14. From the viewpoint of historical science.  Raymond Brown's conclusion that the writer of Matthew 2:22-23 invented the journey of Mary, Joseph, and the Infant Jesus to Nazareth after a non-existent return from Egypt to Judea does not stand up under critical analysis. Brown's refusal to accord historical fact to this report of Matthew is based upon unproved assumptions, faulty reasoning, and anachronism. The "internal tensions" within Matthew's account and the conflicting affirmations that Brown espies between the first two chapters of Matthew and the first two chapters of Luke can be satisfactorily resolved with a little study. Historical scientists do make use of conflicting testimony to help them to ascertain the historical facts, but they first use their ingenuity and resourcefulness to see if the conflicts are really there. Form-critics often use what are only apparent conflicts or contradictions to build their system of conclusions. In this respect form-critics are not historical scientists.


1. Cf. Raymond E. Brown, The Birth of the Messiah (Garden City: Doubleday, 1977), 211.

2. I have given some treatment to the possibility that the hagion in Luke 1:35 translates Nazir in Living Tradition 84, art. 13.

3. Cf. Brown, The Birth of the Messiah, 217.

4. Cf. Brown, The Birth of the Messiah, 106-107.

5. Cf. Brown, The Birth of the Messiah, 109.

6. Cf. Brown, The Birth of the Messiah, 105-107.

7. See J.F. McCarthy, "Really Called by the Prophets a Nazorean," in Living Tradition 85, no. 4.

8. Cf. M. Dibelius, English translation, From Tradition to Gospel (Cambridge, England, 1971), 129.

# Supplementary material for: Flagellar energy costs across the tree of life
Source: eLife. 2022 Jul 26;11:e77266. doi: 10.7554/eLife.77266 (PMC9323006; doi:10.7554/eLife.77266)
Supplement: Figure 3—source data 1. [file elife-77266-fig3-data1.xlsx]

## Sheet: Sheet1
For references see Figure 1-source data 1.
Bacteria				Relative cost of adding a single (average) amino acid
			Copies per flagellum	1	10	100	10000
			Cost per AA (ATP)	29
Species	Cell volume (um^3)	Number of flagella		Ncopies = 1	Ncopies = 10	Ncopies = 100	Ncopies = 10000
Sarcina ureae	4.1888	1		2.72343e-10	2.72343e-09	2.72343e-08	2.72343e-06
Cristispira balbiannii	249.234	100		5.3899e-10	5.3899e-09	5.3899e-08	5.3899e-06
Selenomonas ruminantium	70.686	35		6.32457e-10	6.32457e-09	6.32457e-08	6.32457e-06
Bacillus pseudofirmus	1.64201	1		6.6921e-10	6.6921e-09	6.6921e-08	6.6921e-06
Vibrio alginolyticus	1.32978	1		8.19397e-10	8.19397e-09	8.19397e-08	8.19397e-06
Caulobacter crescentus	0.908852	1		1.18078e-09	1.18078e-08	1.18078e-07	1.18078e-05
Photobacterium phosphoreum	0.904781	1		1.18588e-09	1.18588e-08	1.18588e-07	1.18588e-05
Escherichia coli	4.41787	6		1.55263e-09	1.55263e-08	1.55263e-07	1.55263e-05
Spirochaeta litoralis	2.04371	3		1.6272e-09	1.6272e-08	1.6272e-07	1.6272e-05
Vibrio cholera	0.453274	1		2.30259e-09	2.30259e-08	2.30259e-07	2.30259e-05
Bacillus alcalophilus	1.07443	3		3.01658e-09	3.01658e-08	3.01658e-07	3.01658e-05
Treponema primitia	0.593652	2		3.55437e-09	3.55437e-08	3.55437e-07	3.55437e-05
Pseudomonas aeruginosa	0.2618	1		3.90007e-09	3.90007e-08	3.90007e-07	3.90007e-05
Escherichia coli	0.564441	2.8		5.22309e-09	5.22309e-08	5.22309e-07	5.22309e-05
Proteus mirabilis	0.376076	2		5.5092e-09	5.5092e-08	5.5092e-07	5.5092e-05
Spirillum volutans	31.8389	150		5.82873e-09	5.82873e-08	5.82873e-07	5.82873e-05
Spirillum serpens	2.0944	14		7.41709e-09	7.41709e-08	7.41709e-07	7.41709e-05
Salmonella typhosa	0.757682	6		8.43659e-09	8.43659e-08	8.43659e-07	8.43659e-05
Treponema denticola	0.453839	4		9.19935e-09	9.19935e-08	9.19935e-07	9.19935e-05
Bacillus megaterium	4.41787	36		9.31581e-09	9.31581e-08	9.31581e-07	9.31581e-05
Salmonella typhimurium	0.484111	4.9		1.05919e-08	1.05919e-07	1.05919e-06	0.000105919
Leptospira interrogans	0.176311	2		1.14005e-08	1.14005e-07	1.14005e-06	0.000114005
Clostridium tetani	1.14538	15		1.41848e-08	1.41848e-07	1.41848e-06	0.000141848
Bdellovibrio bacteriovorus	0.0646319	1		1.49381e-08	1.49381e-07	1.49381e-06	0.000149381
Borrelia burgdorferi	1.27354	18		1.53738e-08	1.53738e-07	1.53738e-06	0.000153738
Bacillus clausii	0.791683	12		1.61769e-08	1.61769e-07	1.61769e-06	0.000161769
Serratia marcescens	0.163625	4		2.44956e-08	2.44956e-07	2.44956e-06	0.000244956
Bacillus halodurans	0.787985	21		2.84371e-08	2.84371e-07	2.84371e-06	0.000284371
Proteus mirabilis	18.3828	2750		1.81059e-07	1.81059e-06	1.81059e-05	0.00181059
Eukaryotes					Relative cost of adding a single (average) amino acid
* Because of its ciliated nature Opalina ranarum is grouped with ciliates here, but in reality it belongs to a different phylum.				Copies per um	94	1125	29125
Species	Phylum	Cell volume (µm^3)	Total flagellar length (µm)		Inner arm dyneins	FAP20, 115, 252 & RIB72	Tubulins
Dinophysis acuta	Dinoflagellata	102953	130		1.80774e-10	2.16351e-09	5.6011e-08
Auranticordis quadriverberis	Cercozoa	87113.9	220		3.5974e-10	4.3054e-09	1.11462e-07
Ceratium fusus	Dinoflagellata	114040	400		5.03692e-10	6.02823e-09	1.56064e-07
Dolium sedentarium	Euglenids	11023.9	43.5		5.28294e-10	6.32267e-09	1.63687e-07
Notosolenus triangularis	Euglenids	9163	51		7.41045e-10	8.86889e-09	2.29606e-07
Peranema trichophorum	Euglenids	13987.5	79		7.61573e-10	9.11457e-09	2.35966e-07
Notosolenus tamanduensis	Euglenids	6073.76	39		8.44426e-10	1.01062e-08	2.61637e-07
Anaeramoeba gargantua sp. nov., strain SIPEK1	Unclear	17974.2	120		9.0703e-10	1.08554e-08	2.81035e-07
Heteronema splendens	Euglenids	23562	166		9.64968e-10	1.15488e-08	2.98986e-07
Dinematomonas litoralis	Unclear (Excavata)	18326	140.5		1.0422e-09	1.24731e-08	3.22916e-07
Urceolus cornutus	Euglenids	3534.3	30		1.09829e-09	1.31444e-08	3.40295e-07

9. Cf. R. Bultmann, English translation, The History of the Synoptic Tradition (Oxford, 1963), 439.

10. Cf. Brown, The Birth of the Messiah, 107-108.

11. Cf. Brown, The Birth of the Messiah, 112.

12. Cf. Brown, The Birth of the Messiah, 112-113.

13. Cf. Brown, The Birth of the Messiah, 114-115.

14. Cf. Brown, The Birth of the Messiah, 114, note 42 and 116, note 45.

15. Cf. Brown, The Birth of the Messiah, 114.

16. See "Called by the Prophets a Nazorean," in Living Tradition 84 (November 1999), no. 14.

17. Cf. Brown, The Birth of the Messiah, 27. Again on page 45: "Most scholars today maintain that the Gospel [of Matthew] was written in Syria by an unknown Greek-speaking Jewish Christian, living in the 80s in a mixed community with converts of both Jewish and Gentile descent." I am not examining here the weakness of Brown's opinion about the late date of composition of St. Matthew's Gospel. The point that is rather being made here is that the episodes reported in Matthew's Infancy Narrative were known by Mary from the time of the Birth of Christ and could have been known by Matthew the Apostle and other members of the Church as early as about 30 A.D.

18. See my comments in "Really Called by the Prophets a Nazorean," Living Tradition 85, nos. 9-14.

19. Cf. Brown, The Birth of the Messiah, 36.

20. Cf. Brown, The Birth of the Messiah, 207.

21. Cf. Brown, The Birth of the Messiah, 36.

22. Cf. Brown, The Birth of the Messiah, 35, note 25.

23. Cf. Brown, The Birth of the Messiah, 225.

24. Cf. Brown, The Birth of the Messiah, 225-226.

25. So affirms Pope Paul VI (Insegnamenti di Paolo VI [1972], p. 1325): "St. Luke, as if to indicate the authentic source of that night at Bethlehem, concludes it with this precious testimony: 'And Mary kept all these things, pondering them in her heart (Luke 2:19).'" Pope Paul VI again affirms (Insegnamenti di Paolo VI [1974], pp. 24-25): "Very probably Mary was the genuine and direct source of information for Luke, the evangelist who wrote this." Cf. Pope John Paul II, General Audience of 13 September 1995.

26. See Living Tradition 84, no. 14.

27. Cf. Brown, The Birth of the Messiah, 225.

28. Cf. Brown, The Birth of the Messiah, 33.